The snub to the 2020 Renewable Energy Target by one of the country's biggest business electricity retailers has revived calls for investment in new renewables projects to be halted and exposed the risk of the consequences for consumers of missing the goal.
ERM Power on Tuesday revealed it had elected to pay a $123 million penalty charge to discharge its 2016 liability under the RET scheme, rather than backing renewables projects as intended under the RET regulations.
The decision means ERM's customers are effectively helping pay a fine rather than supporting new renewable energy projects to meet the end-decade target.
Clean Energy Regulator chair Chloe Munro accused ERM of undermining the objectives of the RET and urged the company to rectify the shortfall in the next years.
But the incident has opened up the RET to further criticism from the anti-renewables lobby given the possibility other retailers could follow the same strategy. That would leave consumers paying prices that cover the cost of additional renewable energy generation, without that energy being produced.
The Company sells electricity to large and small business customers in Australia and the United States. The Company also has ownership interests in and operates two low emission gas-fired power stations in Australia.
Major shortfalls have already been forecast in the subsidy scheme, despite the target being reduced in 2015 to 33,000 gigawatt-hours from the Rudd government's target of 41,000 GWh. Bloomberg New Energy Finance calculates that investment in large-scale renewables needs to more than double to meet the 2020 goal, to $US2.9 billion a year, compared to last year's $US1.1 billion.
Western Australian Liberal Senator Chris Back said the "debacle" of the RET was a "wake-up call" for the sector.
He called for a moratorium on new wind farms until the Productivity Commission carries out a cost-benefit analysis on the effect the RET is having on the electricity market and on retail power prices.
Senator Back said the system could result in more than $1 billion a year of fines paid between 2020 and 2031 because there will not be enough renewable energy available to satisfy the 33,000 GWh target.
"All consumers are in effect paying a federal tax on electricity either as the subsidy issued in the form of renewable energy certificates or the shortfall charge recovered as a penalty – so where is the benefit to the environment from such a scheme?" the Senator questioned.
Under the structure of the RET, electricity retailers are supposed to purchase Large-scale Generation Certificates (LGCs) or generate renewable power themselves to meet an increasing proportion of their sales and surrender them each year to the Clean Energy Regulator. If they fall short of their quota by more than 10 per cent, they pay a penalty of $65 per certificate, which is not tax deductible, making its effective cost $93. Retailers can claim back the penalty over the following three years by surrendering certificates they have bought or generated.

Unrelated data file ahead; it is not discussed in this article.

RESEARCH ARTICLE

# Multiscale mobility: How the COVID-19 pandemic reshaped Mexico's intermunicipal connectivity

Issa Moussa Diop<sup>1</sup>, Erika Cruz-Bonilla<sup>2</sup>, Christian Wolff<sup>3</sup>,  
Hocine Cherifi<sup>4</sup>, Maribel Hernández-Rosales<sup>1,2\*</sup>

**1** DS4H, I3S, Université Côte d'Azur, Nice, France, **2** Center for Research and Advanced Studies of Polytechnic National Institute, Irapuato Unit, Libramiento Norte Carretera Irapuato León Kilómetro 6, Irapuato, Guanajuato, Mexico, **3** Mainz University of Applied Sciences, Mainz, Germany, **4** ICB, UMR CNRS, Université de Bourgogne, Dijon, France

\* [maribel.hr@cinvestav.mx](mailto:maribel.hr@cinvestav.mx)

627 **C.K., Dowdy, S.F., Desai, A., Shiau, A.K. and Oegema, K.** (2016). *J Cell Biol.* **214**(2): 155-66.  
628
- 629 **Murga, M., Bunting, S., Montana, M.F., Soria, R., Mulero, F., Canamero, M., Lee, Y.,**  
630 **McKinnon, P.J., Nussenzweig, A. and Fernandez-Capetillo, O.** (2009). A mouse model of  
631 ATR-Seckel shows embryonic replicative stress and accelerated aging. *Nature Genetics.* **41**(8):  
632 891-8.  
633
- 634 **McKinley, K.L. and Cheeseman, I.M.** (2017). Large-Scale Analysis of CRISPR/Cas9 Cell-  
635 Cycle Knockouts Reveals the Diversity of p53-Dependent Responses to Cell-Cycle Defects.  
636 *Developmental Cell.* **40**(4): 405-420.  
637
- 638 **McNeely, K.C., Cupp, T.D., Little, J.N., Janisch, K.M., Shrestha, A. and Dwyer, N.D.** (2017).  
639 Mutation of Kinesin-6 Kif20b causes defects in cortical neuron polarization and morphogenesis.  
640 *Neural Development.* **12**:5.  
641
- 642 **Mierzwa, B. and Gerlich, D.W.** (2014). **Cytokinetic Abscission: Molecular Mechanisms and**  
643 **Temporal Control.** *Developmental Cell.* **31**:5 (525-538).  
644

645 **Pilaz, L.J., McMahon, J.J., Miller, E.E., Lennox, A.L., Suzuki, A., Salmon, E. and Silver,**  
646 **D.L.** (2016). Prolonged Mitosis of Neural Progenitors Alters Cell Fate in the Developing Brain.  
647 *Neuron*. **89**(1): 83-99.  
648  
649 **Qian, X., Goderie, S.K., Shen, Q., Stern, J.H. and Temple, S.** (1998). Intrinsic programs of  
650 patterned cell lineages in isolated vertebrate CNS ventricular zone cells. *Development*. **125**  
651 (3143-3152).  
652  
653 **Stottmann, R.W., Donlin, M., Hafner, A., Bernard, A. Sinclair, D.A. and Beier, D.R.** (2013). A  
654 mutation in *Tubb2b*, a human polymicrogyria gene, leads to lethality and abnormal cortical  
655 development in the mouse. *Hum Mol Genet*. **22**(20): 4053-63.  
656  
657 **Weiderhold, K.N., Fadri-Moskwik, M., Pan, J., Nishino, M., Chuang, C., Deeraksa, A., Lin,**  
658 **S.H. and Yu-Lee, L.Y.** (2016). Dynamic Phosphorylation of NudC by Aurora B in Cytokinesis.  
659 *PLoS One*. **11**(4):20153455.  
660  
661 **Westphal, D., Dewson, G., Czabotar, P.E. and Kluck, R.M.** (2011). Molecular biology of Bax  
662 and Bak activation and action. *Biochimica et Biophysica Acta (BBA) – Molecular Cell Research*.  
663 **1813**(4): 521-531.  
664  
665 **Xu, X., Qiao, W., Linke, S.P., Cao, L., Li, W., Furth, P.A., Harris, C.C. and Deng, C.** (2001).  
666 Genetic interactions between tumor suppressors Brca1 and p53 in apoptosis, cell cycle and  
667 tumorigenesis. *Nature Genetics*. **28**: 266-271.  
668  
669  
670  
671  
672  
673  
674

ERM opted to pay the penalty rather than source 1.9 million LGCs at a cost of about $86. Citigroup analysts said the move means the company is shifting $37 million of costs out of its gross margin into the tax line for fiscal 2017. It can now wait to purchase certificates if or when the LGC price falls.
Until now, shortfalls in LGC submissions have been much smaller in comparison.
Federal Energy Minister Josh Frydenberg signalled he saw ERM's case as a one-off because of its desire to accelerate the use of tax losses and noted the high rate of compliance for the RET scheme until now, totalling more than 99 per cent in 2014 and 2015.
ERM said on Tuesday its decision wasn't driven by a view on the RET, nor on future LGC prices, which surged last year.
But Citigroup analyst Michael Dargue told clients ERM was "taking a position on the outlook for LGC prices".
"With EPW [ERM Power] paying the penalty rate (i.e. the maximum possible) in FY17, any reduction in LGC prices over the next three years allows EPW to benefit," he said.
At the same time, Mr Dargue took ERM to task for "clear omissions" in its previous profit guidance and said the impact of accounting for the penalty fee is constitutes in effect a "very material profit downgrade".
ERM shares, which sank 9.6 per cent on Tuesday, lost another 3 per cent in early trading on Wednesday.